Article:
Sunday, 30 September 2012

Total immersion in Welsh: visiting Nant Gwrtheyrn

Let's be honest here - I have been trying to learn Welsh for a very long time!  We have lived here for just a few weeks short of seven years so I think it must be around six years ago that I walked through the door of the first class.  To begin with we had a class twice a week which ran in our local pub.  Numbers have fluctuated, people have come and gone, the class moved up the hill into Caerwys, first to a room which is now part of the butcher's and then into the Institute, handy but not quite as cosy as the pub and with no glass of wine as a reward after either.  The twice a week classes shrank to once a week so we moved from two lovely tutors to one.  But week in, week out, I have trundled down with my files and my dictionary.  I have sat exams: Mynediad, Sylfaen, Canolradd, roughly equivalent to Entry, Foundation and Intermediate.  While I might not be fluent you would have to grant me my commitment!

Now numbers have settled to a small hardcore of good friends and for quite a while I have felt stuck on a plateau.  I can understand quite a bit although I have huge gaps in my vocabulary.  But the most frustrating thing of all is that I can't really speak Welsh and I can't really read it.  This is no one's fault except mine.  The tutor is great, the course is good, the class are supportive, but never before have I tried to learn a language where everyone I speak to also speaks English.  There is never a time when you have to hold your nose and plunge in because using your new language, however slowly and awkwardly, is the only possible way to communicate.  So I rarely speak it except in class.  Our part of Wales is not the heartland of Welsh speaking Wales but there are plenty of  people in the village who are first language Welsh speakers, including a good friend of mine.  Sometimes we exchange a few sentences before falling back with relief into English.  We want to catch up, we have lots to say and not enough time together.  Why would I make her cope with my stumbling and inadequate Welsh when it takes me so much time to work out how to say the next thing that the conversation has totally ground to a halt?  How could we talk about difficult, complicated, subtle things when my Welsh is for buying milk and asking the time?

So months ago I decided that I needed to give the whole thing a big kick up the backside and I booked, together with a good friend from Welsh class, to go to Nant Gwrtheyrn.


Nant Gwrtheyrn (pronounced nant gur thern with long slightly rolled r's) is a Welsh language centre on the Lleyn Peninsula, about an hour and three quarters west of here.  The Lleyn sticks out into the sea like an extended finger, beyond the island of Anglesey, pointing west towards Ireland.  The village was built in the 19th Century to house quarrymen and their families back in a time when the granite setts which came out of these steep hills were made into roads throughout busy, bustling Victorian England.  It became a close knit  community of around two hundred with its own chapel and school, its own shop and a port which shipped the granite to Liverpool and beyond.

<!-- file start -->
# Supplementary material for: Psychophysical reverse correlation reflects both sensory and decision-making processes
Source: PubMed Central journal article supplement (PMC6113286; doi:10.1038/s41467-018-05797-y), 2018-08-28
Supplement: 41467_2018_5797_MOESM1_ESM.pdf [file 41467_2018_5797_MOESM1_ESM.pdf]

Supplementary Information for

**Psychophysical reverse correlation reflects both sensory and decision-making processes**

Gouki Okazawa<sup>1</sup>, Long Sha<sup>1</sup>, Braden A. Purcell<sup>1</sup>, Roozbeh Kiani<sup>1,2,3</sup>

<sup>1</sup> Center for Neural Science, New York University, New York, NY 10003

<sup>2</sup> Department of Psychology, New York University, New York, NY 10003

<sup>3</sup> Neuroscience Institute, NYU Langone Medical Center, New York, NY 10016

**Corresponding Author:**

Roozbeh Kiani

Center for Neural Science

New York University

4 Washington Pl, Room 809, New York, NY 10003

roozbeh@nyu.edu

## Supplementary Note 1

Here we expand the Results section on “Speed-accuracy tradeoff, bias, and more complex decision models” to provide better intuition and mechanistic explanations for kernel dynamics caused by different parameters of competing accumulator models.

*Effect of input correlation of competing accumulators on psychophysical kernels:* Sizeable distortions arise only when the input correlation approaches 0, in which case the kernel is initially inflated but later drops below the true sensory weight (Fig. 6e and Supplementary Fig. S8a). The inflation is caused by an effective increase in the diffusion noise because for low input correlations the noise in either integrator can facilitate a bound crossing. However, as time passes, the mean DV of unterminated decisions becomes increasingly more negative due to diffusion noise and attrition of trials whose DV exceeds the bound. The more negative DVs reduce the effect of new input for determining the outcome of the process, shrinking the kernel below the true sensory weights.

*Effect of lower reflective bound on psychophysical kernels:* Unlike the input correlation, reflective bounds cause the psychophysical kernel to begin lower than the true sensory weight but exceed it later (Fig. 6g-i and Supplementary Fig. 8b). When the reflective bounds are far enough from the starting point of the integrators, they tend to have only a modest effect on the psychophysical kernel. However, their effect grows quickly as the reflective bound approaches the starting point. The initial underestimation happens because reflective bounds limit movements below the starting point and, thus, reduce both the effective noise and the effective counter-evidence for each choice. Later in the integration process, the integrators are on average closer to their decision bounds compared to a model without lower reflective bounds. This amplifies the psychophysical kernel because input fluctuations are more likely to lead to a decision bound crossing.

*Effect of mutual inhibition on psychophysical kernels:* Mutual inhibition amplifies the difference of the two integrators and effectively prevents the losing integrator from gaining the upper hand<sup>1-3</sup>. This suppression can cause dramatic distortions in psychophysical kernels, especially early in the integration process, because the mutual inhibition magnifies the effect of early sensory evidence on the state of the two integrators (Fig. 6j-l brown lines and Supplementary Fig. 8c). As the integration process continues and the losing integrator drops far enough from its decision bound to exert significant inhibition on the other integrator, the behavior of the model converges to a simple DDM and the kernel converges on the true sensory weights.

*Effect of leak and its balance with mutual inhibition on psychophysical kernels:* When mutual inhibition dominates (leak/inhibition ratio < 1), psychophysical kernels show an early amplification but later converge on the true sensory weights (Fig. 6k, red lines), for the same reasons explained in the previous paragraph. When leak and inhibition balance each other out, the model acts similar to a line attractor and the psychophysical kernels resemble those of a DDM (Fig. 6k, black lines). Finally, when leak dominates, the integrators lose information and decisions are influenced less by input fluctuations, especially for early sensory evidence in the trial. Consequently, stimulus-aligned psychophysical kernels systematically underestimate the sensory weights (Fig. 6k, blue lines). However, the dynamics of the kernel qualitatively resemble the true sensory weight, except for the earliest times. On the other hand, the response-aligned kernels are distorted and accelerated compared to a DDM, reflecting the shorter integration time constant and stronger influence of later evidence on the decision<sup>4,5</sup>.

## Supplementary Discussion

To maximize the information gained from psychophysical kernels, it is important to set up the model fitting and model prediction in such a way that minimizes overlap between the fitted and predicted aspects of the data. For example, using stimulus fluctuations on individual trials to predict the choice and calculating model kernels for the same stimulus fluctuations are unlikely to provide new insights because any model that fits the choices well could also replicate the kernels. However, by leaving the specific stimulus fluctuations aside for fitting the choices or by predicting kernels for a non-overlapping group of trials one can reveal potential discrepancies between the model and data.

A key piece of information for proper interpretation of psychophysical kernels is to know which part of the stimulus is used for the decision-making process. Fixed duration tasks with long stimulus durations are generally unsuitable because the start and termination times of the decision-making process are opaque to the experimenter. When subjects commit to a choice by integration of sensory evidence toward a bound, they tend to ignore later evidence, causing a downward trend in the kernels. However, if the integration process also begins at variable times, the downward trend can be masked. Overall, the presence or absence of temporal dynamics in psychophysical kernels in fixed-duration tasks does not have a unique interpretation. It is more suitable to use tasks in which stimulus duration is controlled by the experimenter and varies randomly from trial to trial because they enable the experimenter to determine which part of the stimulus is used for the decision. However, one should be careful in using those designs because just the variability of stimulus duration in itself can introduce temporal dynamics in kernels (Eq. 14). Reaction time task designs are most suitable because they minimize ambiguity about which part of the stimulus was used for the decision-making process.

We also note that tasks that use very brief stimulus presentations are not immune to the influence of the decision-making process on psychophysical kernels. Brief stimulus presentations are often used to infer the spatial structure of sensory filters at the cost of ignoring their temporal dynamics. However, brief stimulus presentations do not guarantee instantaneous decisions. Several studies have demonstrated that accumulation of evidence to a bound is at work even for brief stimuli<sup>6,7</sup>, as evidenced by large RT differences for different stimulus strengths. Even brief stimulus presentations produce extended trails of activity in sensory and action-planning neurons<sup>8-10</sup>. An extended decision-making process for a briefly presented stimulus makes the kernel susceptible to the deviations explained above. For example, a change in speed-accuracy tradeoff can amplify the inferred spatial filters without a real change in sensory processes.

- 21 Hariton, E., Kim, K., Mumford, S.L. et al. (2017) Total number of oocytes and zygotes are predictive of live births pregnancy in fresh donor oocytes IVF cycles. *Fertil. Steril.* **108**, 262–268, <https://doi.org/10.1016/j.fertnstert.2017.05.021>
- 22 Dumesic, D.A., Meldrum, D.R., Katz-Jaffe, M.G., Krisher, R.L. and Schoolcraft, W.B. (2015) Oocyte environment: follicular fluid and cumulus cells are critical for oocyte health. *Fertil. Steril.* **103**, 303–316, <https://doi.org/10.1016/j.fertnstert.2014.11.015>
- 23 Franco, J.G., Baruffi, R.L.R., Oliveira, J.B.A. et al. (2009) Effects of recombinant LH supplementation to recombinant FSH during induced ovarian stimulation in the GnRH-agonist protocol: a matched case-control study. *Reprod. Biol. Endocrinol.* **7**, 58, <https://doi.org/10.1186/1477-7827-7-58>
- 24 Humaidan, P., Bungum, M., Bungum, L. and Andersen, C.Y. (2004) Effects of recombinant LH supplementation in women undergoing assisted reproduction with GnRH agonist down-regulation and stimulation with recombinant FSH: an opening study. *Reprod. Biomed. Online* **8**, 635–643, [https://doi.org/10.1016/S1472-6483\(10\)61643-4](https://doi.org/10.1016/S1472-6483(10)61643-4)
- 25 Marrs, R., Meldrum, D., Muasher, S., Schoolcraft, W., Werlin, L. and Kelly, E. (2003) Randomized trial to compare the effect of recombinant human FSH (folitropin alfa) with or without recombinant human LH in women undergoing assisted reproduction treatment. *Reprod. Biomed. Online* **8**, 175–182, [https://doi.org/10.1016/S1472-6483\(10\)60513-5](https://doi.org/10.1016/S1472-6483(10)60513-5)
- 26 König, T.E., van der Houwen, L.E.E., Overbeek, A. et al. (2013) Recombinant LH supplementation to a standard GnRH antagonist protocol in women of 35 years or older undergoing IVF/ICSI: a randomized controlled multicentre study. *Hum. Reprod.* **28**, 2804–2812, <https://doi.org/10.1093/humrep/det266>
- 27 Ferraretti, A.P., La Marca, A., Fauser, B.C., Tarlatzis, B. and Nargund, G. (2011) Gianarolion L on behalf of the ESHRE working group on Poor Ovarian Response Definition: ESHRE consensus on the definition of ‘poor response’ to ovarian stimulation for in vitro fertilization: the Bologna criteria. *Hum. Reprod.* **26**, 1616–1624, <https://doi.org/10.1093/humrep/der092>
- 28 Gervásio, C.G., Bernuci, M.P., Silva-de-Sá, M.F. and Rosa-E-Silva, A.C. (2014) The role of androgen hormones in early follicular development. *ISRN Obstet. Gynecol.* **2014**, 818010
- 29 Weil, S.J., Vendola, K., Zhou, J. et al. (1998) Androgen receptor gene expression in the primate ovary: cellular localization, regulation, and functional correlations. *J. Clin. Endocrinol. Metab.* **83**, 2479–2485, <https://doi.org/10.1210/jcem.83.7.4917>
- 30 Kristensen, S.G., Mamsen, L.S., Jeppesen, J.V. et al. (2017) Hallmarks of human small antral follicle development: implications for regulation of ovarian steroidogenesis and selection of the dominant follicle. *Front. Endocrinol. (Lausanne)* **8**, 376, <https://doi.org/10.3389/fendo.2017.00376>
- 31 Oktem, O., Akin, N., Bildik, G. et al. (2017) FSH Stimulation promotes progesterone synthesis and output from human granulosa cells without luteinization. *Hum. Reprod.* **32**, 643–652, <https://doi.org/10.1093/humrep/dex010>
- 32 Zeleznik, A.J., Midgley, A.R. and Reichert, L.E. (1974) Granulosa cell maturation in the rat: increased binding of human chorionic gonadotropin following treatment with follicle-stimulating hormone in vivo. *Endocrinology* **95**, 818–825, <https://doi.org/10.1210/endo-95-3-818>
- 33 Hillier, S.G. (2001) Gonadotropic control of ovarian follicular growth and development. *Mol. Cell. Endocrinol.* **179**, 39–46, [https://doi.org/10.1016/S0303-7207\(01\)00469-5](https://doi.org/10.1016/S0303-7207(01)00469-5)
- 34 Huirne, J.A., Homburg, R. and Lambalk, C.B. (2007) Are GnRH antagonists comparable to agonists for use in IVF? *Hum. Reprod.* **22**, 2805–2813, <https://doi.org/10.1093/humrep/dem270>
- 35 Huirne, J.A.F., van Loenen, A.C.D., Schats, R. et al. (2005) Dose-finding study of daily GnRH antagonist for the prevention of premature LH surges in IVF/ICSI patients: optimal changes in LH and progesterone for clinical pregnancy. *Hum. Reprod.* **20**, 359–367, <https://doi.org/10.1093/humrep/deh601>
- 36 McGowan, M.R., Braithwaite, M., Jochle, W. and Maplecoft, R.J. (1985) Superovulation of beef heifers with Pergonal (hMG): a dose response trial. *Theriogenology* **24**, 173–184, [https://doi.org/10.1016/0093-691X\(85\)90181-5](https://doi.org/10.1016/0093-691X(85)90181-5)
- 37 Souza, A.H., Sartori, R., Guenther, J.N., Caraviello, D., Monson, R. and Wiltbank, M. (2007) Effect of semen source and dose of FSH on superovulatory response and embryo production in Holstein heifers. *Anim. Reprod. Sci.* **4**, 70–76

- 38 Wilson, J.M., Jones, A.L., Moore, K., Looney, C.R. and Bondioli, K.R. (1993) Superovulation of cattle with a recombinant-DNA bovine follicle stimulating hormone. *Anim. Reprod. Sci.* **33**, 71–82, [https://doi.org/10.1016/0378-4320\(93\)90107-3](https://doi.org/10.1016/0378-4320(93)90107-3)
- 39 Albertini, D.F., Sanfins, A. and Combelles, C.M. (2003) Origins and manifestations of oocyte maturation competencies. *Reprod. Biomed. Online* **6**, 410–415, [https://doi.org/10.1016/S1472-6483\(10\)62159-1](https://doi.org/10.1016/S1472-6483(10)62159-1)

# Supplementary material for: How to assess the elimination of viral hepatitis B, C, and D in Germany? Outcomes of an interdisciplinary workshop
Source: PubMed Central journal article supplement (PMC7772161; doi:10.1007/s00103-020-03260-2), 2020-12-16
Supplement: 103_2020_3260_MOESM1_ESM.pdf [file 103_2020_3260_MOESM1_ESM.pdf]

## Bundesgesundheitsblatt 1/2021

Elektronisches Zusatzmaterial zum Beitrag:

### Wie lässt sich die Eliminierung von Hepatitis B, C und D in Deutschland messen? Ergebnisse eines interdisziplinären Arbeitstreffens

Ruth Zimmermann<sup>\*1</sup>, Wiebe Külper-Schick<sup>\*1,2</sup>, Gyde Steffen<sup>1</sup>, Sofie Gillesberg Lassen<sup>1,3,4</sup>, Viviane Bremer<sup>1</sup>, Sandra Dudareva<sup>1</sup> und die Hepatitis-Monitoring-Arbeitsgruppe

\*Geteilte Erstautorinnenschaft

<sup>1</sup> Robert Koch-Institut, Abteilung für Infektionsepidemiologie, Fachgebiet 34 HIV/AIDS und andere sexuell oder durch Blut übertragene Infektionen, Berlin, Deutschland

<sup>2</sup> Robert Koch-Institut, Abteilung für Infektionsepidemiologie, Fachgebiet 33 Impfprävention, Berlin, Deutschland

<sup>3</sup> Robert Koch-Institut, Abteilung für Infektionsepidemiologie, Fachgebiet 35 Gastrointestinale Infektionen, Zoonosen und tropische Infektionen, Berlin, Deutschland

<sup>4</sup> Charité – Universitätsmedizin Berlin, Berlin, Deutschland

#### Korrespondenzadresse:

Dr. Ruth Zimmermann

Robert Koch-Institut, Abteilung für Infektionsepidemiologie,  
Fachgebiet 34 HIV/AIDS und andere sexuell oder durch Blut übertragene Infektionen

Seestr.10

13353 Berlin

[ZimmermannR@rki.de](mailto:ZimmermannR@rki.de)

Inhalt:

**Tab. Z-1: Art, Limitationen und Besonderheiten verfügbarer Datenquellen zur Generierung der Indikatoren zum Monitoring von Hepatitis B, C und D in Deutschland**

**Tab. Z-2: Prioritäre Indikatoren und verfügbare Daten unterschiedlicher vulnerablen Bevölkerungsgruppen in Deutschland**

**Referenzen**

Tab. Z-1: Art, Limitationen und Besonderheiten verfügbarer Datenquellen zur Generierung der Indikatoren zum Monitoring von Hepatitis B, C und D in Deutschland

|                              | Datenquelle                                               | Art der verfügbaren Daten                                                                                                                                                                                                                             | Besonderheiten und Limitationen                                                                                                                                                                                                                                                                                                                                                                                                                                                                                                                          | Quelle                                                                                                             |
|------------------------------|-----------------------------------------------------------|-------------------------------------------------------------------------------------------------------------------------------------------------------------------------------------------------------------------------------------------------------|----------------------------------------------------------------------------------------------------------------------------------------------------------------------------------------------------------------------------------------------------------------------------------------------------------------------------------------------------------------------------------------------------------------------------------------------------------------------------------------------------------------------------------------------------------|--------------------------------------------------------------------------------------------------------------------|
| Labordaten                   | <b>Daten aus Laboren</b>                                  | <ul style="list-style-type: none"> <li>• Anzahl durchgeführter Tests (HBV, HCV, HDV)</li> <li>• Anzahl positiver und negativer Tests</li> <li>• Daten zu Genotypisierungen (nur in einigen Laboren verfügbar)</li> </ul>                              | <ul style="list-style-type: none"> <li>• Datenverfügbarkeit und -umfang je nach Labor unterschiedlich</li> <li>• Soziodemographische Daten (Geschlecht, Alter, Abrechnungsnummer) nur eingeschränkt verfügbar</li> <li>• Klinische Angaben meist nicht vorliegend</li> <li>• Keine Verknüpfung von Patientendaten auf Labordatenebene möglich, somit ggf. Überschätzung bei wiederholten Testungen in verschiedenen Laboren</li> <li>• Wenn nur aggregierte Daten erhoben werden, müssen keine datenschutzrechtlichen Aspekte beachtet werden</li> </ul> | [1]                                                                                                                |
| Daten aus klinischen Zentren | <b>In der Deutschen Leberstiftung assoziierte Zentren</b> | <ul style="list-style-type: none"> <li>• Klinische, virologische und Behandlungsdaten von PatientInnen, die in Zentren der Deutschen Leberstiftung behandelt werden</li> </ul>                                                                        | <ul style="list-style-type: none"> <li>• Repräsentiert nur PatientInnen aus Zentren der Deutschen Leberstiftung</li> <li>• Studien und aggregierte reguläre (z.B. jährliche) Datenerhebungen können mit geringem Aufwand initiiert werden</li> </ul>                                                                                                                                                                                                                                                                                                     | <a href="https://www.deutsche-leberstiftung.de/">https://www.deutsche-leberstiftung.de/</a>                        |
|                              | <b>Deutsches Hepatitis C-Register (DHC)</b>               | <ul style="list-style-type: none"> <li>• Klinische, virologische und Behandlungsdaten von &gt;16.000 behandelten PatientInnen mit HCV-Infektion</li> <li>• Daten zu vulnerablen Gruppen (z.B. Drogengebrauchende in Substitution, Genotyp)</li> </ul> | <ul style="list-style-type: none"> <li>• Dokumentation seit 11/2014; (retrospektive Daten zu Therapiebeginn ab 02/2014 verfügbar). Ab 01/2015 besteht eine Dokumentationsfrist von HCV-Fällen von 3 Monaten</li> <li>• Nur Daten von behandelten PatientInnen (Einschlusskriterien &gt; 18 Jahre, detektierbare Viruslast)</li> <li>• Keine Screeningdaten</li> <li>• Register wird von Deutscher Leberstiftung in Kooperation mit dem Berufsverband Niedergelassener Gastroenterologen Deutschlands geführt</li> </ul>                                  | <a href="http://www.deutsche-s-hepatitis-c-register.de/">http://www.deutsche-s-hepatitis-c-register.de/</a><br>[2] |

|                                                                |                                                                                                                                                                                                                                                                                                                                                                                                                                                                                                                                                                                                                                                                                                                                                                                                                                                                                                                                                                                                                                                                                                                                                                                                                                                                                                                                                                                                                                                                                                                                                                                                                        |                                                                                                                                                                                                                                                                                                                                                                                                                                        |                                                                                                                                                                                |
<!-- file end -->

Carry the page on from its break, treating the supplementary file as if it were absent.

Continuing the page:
But the coming of asphalt roads saw the death of the use of cobbles and by the middle of the twentieth century the quarry was long closed, the village was deserted and the houses falling into disrepair.  For a while it was lived in by a hippy group who left it in an even worse state, burning floorboards from the manager's house to fuel their fires.  Then in the 1970s it became the focus of a huge fundraising effort to buy the village and turn it into a centre for the teaching of the Welsh language.  Read the full story here.

A full week's course would surely kick me on into speaking instead of just listening.

We arrived as it was getting dark on Sunday evening.  The drive into the village ends with a startling, twisting road plunging down a steep wooded hillside towards the sea.  At the bottom of the hill is a triangle of flatter land falling gently down to a rocky curve of beach and here there are two rows of granite cottages, built at right angles to each other, one row facing the mountain and one row facing the sea.


It was deserted and a little bit eerie.  That night the wind blew hard, hurling rain against the windows.  An overflowing gutter spattered water all night long outside my door.  I didn't sleep well.  In the morning it was still raining so hard that a rush down to the cafe for breakfast left us soaked and shivering.

Breakfast was good and the warmth of the reception from the tutor more than made up for the blowing rain outside.  And it was a really great week.  After a couple of days of dramatic wet weather the sun came out.  We spoke Welsh all the time in class and most of the time outside it.  To begin with a lot of it washed over me but as I got my ear in I found I was understanding more and more.

The group was a good mix of people.  One man had come all the way from Seattle and this was not his first visit to Nant Gwrtheyrn.  There were people from South Wales, people like us from the North and a couple of people who lived in England but had family ties to Wales. They were a clever and interesting bunch of people and we all soon felt comfortable enough to use our Welsh with each other.

The week sped by in a whirl of games and more formal teaching, reading, chatting, learning about the village and its stories (told with vivid enjoyment by Pegi the tutor).  There was a visit to the house which the Welsh writer Kate Roberts lived in as a child and evening sessions about the area, including one about Bardsey Island (Ynys Enlli) which is just off the tip of the Lleyn Peninsula.  It was for many years a place of pilgrimage, indeed it used to be thought that three pilgrimages to Bardsey had the same benefit to the soul as one to Rome.